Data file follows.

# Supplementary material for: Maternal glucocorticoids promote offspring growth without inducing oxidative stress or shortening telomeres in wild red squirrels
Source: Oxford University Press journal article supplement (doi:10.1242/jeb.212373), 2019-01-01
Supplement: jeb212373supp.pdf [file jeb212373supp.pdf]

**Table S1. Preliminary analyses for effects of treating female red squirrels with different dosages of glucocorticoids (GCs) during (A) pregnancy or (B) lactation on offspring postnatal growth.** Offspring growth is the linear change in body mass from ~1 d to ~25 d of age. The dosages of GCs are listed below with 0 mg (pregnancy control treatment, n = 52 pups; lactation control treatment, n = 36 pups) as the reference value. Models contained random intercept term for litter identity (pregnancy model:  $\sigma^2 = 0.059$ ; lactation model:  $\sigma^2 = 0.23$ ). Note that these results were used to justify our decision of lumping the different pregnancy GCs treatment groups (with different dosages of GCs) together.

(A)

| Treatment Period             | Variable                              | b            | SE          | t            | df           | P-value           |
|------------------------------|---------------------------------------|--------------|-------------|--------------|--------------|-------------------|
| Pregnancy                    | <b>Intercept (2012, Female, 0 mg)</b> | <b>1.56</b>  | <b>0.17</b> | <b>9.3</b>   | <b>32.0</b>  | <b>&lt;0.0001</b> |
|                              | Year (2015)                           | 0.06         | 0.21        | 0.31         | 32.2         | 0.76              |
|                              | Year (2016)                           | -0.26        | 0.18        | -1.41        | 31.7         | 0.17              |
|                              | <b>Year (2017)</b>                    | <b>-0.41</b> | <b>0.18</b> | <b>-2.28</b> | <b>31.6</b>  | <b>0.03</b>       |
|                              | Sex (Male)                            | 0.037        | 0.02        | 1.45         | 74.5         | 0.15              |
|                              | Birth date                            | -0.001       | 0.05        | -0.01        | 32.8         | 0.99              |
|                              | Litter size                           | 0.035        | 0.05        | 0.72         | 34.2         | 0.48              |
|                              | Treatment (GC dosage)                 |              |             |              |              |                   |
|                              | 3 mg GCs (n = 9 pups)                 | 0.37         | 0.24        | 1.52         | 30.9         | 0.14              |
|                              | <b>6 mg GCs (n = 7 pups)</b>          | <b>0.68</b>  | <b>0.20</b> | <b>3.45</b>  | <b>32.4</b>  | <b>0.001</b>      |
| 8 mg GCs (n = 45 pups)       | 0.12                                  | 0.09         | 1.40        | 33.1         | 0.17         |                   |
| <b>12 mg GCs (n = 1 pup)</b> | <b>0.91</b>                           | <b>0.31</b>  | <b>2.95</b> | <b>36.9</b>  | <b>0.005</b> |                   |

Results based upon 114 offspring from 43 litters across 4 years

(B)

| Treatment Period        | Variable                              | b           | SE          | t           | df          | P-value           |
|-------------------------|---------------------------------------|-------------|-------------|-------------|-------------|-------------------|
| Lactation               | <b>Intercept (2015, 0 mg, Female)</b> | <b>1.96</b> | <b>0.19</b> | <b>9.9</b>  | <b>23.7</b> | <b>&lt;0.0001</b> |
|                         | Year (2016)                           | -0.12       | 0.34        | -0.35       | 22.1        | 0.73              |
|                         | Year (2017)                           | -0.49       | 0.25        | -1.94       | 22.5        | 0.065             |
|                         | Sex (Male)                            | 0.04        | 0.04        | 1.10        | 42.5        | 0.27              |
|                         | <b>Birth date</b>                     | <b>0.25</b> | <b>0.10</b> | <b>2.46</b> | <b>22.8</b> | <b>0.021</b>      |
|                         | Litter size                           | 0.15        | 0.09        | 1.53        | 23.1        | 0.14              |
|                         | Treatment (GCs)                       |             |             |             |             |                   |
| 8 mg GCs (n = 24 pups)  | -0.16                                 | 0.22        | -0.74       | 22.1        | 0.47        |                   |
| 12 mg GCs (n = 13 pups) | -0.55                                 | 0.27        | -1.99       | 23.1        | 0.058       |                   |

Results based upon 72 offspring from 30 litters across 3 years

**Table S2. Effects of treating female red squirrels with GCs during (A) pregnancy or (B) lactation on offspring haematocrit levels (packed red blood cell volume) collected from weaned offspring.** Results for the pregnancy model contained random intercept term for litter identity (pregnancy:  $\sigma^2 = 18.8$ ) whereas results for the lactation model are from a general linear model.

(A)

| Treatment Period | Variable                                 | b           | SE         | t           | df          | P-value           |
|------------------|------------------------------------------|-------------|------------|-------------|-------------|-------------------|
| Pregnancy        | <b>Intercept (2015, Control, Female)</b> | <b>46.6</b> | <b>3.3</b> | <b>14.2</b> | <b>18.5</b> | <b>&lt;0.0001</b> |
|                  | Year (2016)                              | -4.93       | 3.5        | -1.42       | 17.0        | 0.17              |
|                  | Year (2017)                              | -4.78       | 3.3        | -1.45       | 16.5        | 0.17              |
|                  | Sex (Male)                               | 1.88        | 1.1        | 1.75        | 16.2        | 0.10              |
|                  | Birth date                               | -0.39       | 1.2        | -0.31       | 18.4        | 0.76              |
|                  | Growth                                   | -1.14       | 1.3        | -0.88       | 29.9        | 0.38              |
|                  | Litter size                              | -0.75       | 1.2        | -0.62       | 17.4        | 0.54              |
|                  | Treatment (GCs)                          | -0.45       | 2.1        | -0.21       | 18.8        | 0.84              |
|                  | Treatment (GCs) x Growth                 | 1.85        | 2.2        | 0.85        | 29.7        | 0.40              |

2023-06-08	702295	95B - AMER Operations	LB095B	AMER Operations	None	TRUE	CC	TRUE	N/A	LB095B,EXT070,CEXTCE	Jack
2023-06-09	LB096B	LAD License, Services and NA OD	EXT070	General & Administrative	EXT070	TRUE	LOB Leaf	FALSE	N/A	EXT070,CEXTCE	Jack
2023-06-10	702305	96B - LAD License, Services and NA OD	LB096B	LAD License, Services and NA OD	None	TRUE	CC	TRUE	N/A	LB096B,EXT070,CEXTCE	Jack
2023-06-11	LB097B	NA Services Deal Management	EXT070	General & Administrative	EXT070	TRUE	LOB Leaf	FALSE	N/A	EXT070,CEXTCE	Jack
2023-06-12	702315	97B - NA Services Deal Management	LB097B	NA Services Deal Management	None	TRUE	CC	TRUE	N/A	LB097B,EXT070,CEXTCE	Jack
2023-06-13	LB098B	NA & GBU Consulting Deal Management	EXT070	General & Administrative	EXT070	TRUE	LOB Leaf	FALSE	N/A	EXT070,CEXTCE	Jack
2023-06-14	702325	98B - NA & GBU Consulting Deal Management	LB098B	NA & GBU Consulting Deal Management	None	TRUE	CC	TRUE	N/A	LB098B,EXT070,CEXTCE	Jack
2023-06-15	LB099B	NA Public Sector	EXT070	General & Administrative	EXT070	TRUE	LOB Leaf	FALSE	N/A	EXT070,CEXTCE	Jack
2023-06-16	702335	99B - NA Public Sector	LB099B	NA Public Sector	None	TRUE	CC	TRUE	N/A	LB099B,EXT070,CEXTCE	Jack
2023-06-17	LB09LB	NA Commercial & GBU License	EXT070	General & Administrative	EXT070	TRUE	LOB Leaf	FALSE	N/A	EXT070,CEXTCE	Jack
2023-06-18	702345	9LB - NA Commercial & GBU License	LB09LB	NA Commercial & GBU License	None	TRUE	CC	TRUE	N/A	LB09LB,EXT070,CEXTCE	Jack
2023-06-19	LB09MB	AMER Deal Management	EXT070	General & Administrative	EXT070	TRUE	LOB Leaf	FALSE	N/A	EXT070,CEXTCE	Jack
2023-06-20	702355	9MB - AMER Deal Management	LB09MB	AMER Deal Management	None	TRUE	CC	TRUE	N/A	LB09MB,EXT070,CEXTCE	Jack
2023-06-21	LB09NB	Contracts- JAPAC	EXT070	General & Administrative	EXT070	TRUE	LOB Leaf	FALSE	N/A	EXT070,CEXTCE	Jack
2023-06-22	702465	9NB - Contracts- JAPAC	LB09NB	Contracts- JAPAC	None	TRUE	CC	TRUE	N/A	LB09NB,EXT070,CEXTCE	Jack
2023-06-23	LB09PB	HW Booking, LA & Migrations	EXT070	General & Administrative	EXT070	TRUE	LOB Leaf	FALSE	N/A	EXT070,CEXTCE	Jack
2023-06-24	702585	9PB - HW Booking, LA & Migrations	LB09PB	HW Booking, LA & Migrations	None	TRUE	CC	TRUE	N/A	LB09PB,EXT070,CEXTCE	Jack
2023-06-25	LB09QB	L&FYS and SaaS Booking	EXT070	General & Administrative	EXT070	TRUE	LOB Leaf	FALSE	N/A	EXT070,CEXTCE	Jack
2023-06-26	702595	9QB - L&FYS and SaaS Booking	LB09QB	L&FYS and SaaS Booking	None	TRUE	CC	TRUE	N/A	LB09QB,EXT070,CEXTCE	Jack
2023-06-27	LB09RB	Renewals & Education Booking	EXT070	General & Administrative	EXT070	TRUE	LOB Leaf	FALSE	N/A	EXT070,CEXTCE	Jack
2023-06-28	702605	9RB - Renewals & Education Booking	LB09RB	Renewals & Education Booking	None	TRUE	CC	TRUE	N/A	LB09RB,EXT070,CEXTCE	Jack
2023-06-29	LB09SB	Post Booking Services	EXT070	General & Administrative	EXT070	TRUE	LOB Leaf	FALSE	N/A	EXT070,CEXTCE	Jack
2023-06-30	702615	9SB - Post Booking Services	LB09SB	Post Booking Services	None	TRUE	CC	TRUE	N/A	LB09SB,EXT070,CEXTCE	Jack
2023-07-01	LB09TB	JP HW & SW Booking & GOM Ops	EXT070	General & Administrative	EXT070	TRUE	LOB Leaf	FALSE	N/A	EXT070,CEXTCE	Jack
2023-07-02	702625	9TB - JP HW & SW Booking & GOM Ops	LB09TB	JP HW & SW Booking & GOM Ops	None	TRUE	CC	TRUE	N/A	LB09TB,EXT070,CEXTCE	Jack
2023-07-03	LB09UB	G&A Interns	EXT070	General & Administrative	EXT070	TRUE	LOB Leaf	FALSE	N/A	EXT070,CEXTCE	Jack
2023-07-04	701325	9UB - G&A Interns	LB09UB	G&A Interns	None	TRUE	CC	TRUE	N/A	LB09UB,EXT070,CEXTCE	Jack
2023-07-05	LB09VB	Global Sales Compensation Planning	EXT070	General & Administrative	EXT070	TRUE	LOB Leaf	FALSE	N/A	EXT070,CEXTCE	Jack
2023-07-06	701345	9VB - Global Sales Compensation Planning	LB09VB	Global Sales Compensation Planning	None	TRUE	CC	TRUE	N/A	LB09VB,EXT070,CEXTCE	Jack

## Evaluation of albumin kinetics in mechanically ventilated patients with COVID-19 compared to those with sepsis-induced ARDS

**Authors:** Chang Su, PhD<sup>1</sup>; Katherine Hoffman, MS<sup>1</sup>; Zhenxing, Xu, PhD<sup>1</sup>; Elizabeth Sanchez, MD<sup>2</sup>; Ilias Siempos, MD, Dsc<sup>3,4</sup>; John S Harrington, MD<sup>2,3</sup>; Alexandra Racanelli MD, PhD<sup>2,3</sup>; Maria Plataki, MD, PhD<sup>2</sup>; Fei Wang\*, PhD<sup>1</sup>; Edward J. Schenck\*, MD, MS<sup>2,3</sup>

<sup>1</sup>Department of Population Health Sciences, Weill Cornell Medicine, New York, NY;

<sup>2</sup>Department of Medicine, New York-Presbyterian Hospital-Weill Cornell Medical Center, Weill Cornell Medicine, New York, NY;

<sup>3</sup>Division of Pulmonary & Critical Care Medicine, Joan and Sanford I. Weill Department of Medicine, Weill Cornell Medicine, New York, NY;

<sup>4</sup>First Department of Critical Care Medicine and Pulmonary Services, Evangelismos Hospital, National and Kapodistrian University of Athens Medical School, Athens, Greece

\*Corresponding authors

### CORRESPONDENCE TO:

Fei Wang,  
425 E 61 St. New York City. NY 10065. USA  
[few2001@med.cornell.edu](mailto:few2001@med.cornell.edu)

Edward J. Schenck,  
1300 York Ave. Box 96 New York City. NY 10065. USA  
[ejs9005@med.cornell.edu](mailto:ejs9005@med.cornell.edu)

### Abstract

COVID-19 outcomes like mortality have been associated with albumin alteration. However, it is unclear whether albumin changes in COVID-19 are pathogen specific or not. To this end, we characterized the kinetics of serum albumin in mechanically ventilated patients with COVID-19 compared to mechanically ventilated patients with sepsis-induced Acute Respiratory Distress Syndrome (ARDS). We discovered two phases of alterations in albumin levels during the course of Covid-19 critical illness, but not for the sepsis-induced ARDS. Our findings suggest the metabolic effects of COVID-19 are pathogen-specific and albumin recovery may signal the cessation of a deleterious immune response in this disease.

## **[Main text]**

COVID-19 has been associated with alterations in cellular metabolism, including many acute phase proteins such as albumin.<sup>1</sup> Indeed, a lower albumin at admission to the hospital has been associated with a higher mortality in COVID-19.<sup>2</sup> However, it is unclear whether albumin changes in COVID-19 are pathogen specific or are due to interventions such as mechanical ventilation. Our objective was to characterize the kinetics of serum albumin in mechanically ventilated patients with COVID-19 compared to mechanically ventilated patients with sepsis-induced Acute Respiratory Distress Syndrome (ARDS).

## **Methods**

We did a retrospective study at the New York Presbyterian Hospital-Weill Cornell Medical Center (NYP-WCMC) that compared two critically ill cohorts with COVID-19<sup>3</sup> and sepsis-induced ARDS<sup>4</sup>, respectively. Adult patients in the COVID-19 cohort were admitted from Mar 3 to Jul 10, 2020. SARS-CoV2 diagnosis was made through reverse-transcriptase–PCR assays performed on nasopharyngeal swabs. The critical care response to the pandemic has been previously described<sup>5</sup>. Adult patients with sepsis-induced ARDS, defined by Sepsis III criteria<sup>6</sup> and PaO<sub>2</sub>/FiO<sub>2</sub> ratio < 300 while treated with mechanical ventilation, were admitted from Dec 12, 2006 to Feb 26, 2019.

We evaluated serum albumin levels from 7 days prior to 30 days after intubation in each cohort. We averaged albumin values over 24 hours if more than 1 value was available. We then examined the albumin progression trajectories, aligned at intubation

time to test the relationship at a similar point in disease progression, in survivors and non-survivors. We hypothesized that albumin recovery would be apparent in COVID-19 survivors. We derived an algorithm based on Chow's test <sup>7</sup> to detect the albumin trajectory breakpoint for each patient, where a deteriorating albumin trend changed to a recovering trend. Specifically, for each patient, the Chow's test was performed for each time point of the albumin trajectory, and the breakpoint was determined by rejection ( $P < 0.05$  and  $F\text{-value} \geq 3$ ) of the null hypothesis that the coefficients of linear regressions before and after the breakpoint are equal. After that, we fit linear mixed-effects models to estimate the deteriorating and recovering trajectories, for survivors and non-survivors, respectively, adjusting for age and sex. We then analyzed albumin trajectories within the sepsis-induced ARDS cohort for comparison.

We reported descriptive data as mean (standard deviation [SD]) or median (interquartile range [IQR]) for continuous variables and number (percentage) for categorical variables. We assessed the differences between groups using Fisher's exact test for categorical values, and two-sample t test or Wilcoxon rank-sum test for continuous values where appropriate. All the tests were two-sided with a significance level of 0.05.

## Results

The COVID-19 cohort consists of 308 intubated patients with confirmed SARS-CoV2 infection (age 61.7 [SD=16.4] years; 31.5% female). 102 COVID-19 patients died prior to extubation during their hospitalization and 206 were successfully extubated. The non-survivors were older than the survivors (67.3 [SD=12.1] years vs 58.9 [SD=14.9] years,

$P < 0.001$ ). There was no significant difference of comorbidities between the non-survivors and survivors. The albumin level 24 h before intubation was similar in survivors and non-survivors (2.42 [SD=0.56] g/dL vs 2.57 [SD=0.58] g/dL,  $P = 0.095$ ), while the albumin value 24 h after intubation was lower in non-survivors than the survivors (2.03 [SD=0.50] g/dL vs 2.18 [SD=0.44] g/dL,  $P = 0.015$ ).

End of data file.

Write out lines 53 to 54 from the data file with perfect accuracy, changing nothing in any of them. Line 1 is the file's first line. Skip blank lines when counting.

2023-06-14	702325	98B - NA & GBU Consulting Deal Management	LB098B	NA & GBU Consulting Deal Management	None	TRUE	CC	TRUE	N/A	LB098B,EXT070,CEXTCE	Jack
2023-06-15	LB099B	NA Public Sector	EXT070	General & Administrative	EXT070	TRUE	LOB Leaf	FALSE	N/A	EXT070,CEXTCE	Jack